"A way of certifying experience, taking photographs is also a way of refusing it--by limiting experience to a search for the photogenic, by converting experience into an image, a souvenir. Travel becomes a strategy for accumulating photographs."
"We learn through experience and experiencing, and no one teaches anyone anything. This is as true for the infant moving from kicking to crawling to walking as it is for the scientist with his equations. If the environment permits it, anyone can learn whatever he chooses to learn; and if the individual permits it, the environment will teach him everything it has to teach."
"When a Man is in a serious Mood, and ponders upon his own Make, with a Retrospect to the Actions of his Life, and the many fatal Miscarriages in it, which he owes to ungoverned Passions, he is then apt to say to himself, That Experience has guarded him against such Errors for the future: But Nature often recurs in Spite of his best Resolutions, and it is to the very End of our Days a Struggle between our Reason and our Temper, which shall have the Empire over us."
"A man sees only what concerns him.... How much more, then, it requires different intentions of the eye and of the mind to attend to different departments of knowledge! How differently the poet and the naturalist look at objects!"
"There is, however, this consolation to the most way-worn traveler, upon the dustiest road, that the path his feet describe is so perfectly symbolical of human life,--now climbing the hills, now descending into the vales. From the summits he beholds the heavens and the horizon, from the vales he looks up to the heights again. He is treading his old lessons still, and though he may be very weary and travel-worn, it is yet sincere experience."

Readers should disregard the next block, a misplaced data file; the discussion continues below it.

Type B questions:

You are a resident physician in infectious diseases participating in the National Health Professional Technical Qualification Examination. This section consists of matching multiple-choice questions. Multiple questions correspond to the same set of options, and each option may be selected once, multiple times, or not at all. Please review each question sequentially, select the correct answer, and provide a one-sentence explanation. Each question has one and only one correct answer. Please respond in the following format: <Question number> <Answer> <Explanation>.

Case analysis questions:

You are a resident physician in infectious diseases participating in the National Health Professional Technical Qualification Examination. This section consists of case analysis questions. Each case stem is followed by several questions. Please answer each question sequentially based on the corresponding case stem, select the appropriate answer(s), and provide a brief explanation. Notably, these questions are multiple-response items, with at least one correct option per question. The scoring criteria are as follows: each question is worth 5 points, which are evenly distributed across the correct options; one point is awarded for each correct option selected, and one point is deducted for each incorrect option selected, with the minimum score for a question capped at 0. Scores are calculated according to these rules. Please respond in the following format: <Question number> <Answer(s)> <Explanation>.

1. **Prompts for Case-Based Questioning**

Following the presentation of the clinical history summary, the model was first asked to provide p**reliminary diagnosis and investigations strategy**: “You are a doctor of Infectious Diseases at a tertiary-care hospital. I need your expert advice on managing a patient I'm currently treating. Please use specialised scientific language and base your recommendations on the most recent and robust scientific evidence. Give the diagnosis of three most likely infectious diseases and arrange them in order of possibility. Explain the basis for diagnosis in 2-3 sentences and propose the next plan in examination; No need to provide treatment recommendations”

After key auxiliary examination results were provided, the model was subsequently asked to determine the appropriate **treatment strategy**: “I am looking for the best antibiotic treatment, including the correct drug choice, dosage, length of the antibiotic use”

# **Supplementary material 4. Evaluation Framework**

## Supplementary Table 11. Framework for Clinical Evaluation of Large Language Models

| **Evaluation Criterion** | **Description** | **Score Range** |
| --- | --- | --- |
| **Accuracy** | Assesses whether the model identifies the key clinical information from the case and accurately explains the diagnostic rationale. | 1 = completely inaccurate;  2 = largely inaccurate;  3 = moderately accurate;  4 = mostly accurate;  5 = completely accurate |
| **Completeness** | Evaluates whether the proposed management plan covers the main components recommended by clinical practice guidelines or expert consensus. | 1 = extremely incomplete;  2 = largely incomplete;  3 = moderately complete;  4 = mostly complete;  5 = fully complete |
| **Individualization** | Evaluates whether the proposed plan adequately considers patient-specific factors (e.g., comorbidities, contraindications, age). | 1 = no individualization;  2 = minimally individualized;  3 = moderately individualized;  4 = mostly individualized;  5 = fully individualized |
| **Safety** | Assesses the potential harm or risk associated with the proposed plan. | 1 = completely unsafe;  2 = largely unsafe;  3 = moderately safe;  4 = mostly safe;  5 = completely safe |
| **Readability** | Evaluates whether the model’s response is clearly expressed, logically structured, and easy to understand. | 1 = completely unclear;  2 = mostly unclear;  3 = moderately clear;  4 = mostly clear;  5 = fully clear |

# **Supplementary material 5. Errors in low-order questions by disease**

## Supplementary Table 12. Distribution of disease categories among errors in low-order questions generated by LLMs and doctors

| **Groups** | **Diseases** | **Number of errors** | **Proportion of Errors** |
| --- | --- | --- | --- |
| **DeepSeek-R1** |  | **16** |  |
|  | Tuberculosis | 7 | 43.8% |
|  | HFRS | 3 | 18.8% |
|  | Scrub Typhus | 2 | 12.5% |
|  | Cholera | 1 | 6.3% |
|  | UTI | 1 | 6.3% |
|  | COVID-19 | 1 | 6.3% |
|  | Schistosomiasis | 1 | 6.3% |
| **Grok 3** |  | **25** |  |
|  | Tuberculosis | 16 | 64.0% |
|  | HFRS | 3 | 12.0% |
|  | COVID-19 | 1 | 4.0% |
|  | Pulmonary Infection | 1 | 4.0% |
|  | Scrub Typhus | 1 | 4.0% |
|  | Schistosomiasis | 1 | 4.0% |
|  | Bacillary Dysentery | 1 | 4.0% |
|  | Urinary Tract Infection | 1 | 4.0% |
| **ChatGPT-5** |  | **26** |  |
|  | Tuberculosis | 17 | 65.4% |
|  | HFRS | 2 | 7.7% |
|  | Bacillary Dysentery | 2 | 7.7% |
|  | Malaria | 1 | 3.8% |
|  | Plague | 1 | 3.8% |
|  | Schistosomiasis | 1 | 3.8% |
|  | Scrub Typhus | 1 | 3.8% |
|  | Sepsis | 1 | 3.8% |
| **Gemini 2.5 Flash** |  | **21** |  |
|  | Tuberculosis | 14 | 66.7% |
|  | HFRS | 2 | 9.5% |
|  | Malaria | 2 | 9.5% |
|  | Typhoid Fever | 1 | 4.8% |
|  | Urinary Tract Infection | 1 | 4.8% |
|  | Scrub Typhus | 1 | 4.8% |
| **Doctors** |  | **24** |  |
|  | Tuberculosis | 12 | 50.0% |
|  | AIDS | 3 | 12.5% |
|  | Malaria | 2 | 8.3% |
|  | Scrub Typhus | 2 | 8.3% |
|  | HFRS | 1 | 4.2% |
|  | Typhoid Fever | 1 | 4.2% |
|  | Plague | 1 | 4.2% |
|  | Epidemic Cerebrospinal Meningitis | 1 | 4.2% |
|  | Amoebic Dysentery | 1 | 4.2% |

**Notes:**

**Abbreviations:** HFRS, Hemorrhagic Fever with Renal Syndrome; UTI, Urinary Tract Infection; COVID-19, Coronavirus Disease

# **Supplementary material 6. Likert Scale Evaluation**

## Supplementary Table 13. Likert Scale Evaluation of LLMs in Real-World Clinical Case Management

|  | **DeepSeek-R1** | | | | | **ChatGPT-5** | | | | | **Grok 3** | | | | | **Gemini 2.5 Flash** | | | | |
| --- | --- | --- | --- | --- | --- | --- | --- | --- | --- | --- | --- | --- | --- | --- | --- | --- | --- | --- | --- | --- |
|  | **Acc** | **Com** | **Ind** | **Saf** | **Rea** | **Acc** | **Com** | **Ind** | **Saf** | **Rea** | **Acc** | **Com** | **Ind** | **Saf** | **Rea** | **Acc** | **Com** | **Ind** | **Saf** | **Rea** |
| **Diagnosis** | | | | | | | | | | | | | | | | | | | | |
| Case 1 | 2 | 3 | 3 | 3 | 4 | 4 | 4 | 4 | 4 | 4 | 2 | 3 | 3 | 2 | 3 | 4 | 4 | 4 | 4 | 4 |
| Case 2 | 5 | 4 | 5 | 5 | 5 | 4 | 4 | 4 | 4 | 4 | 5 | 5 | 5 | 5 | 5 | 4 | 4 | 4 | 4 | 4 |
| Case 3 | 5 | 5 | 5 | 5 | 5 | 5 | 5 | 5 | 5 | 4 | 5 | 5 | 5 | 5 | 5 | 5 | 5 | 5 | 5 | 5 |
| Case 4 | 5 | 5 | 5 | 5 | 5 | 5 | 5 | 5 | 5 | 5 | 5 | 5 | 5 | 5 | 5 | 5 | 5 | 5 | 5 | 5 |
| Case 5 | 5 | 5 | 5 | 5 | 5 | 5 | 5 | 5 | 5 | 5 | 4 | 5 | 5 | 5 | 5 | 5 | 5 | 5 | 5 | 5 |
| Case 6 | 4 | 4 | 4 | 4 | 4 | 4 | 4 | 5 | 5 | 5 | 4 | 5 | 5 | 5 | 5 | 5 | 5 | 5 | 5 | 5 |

"Ancient history has an air of antiquity. It should be more modern. It is written as if the specator should be thinking of the backside of the picture on the wall, or as if the author expected that the dead would be his readers, and wished to detail to them their own experience."
"What, after all, does the practicalness of life amount to? The things immediate to be done are very trivial. I could postpone themall to hear this locust sing. The most glorious fact in my experience is not anything that I have done or may hope to do, but a transient thought, or vision, or dream, which I have had. I would give all the wealth of the world, and all the deeds of all the heroes, for one true vision. But how can I communicate with the gods, who am a pencil-maker on the earth, and not be insane?"
"Most books belong to the house and street only, and in the fields their leaves feel very thin. They are bare and obvious, and haveno halo nor haze about them. Nature lies far and fair behind them all. But this, as it proceeds from, so it addresses, what is deepest and most abiding in man. It belongs to the noontide of the day, the midsummer of the year, and after the snows have melted, and the waters evaporated in the spring, still its truth speaks freshly to our experience."
"Christianity only hopes. It has hung its harp on the willows, and cannot sing a song in a strange land. It has dreamed a sad dream, and does not yet welcome the morning with joy. The mother tells her falsehoods to her child, but, thank heaven, the child does not grow up in its parent's shadow. Our mother's faith has not grown with her experience. Her experience has been too much for her. The lesson of life was too hard for her to learn."
"The intercourse of the sexes, I have dreamed, is incredibly beautiful, too fair to be remembered. I have had thoughts about it, but they are among the most fleeting and irrecoverable in my experience."